Sport Gaelic Football

Wednesday 20 September 2017

Tyrone will give Pat Gilroy the answers to some lingering questions hanging over Blues, says Martin Breheny

Fiachra Breathnach celebrates his goal during Galway's victory over Dublin as Barry Cahill looks on.
Fiachra Breathnach celebrates his goal during Galway's victory over Dublin as Barry Cahill looks on.
Martin Breheny

Martin Breheny

IF the Dublin players who were on the panel two years ago thumbed back through the famous 'Blue Book' which underpinned their psychological structure that season, they would find themselves ruminating on the considered wisdom of Gautama Buddha.

"Do not dwell in the past, do not dream of the future, concentrate the mind on the present moment," was the 'Blue Book's' April motto which was supposed to imbue the Dublin squad with a sense of certainty that they -- and everybody else in the camp -- knew exactly what they were doing.

Unfortunately for all of them, that wasn't immediately apparent in August 2008 when Tyrone filleted them in the All-Ireland quarter-final. Much has happened since then, including the decommissioning of the 'Blue Book' by a different management, but Gandhi's musings couldn't be more apt as Dublin prepare for another showdown with Tyrone on Sunday.

They head for Omagh with their NFL Division 1 title ambitions still intact, albeit requiring Cork to beat Mayo, but even that will be of no value unless Dublin beat Tyrone. With Tyrone needing to win to guarantee their Division 1 survival, this is about as big as it gets in league terms.

Mickey Harte described it as having a championship theme and also talked of the energetic atmosphere in the Tyrone dressing-room after the last-second win over Kerry last Saturday week.

All told then, it doesn't look like the ideal time to be playing Tyrone as they battle to maintain their Division 1 status, having come off a confidence-enhancing win over the All-Ireland champions. To add to Dublin's load, the game is in Omagh.

Still, the bigger the challenge, the bigger the prize and if Dublin could record their fifth win of the league it would put them in with a decent chance of reaching the league final.

satisfactory

That would be a real bonus, but even if they beat Tyrone and lose out to Mayo and Cork for a place in the final, it would still be a very satisfactory end to the campaign.

Conversely, a third successive defeat would be a significant setback, even if they were beaten by Cork, Galway and Tyrone, counties who themselves have lofty All-Ireland ambitions. No, the real downer for Dublin would be the sequence. If a team is to end up on eight points from the league, it's better to accumulate most of them in the second half of the series.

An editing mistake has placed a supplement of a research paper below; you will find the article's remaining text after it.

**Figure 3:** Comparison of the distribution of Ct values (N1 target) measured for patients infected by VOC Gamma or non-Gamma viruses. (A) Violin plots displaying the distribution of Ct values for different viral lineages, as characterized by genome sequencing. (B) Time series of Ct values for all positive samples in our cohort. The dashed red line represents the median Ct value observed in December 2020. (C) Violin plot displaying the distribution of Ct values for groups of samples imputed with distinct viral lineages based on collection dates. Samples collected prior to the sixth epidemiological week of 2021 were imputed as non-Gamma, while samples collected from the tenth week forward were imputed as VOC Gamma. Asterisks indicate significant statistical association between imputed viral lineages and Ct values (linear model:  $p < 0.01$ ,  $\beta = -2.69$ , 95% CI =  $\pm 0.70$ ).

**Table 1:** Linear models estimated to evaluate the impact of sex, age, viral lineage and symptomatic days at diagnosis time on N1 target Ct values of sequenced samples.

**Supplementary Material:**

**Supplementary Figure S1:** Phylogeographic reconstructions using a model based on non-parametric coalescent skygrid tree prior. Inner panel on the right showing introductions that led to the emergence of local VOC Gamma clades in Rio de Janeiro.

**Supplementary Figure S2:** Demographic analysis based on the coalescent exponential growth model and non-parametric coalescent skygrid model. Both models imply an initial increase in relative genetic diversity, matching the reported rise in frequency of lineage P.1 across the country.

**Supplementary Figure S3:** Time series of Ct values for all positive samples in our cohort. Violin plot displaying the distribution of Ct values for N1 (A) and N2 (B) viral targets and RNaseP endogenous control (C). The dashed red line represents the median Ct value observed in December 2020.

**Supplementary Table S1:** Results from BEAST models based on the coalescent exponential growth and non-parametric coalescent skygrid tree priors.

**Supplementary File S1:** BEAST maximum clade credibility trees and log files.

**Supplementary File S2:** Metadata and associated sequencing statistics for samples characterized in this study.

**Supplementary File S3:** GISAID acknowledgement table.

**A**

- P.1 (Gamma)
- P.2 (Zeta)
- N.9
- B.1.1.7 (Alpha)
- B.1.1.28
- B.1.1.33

It leaves squad morale higher on the basis that they're improving, whereas a front-loaded points accumulation, as garnered by Dublin against Kerry, Derry, Mayo and Monaghan, creates room for doubt. Were we simply fitter than everybody else early on? Have others figured out our game plan? Where do we really stand going into the championship?

If Dublin lose to Tyrone, it will leave Pat Gilroy in a real quandary. He followed his instincts by changing the panel and the tactics quite dramatically in the wake of the demolition by Kerry last August and was delighted with the first four league results as the points stacked up.

However, the sequence ended abruptly when Dublin lost heavily to Cork. Another defeat followed against Galway, which, in many ways, was even more worrying for Gilroy.

Dublin should have been out of sight after 20 minutes, but weren't. Then, they were hit for 1-6 without reply and seemed in line for another trimming. However, they battled back to draw level and, with an extra man, they seemed certain to push on for a win, only to be outfought and outscored in the home stretch.

It was Dublin at their moody best and worst. Trouble was though, the latter outweighed the former, just as it has done outside of Leinster for so long.

The personnel was a whole lot different this time, yet the end result was the same, which has to be a concern for Gilroy. That's why Sunday's game is so crucial. If Dublin win, it will be a sign that the new-look side are ready to take their case into the championship. What's more, they will have earned the right to do it.

If they lose a third successive game, the big question arises: does Gilroy trust the new boys in the championship or will he drift back towards those who dominated Leinster since 2005, even if they weren't able to advance on that?

Harte believes that from a Tyrone perspective there's a near-championship dimension to Sunday's game.

It's even more pronounced for Dublin, who will have many of the essentials of their championship set-up decided by whether they pick up a fifth win from seven games and, possibly a league final place, or lose for the third successive game and watch the doubts mount up.

Irish Independent

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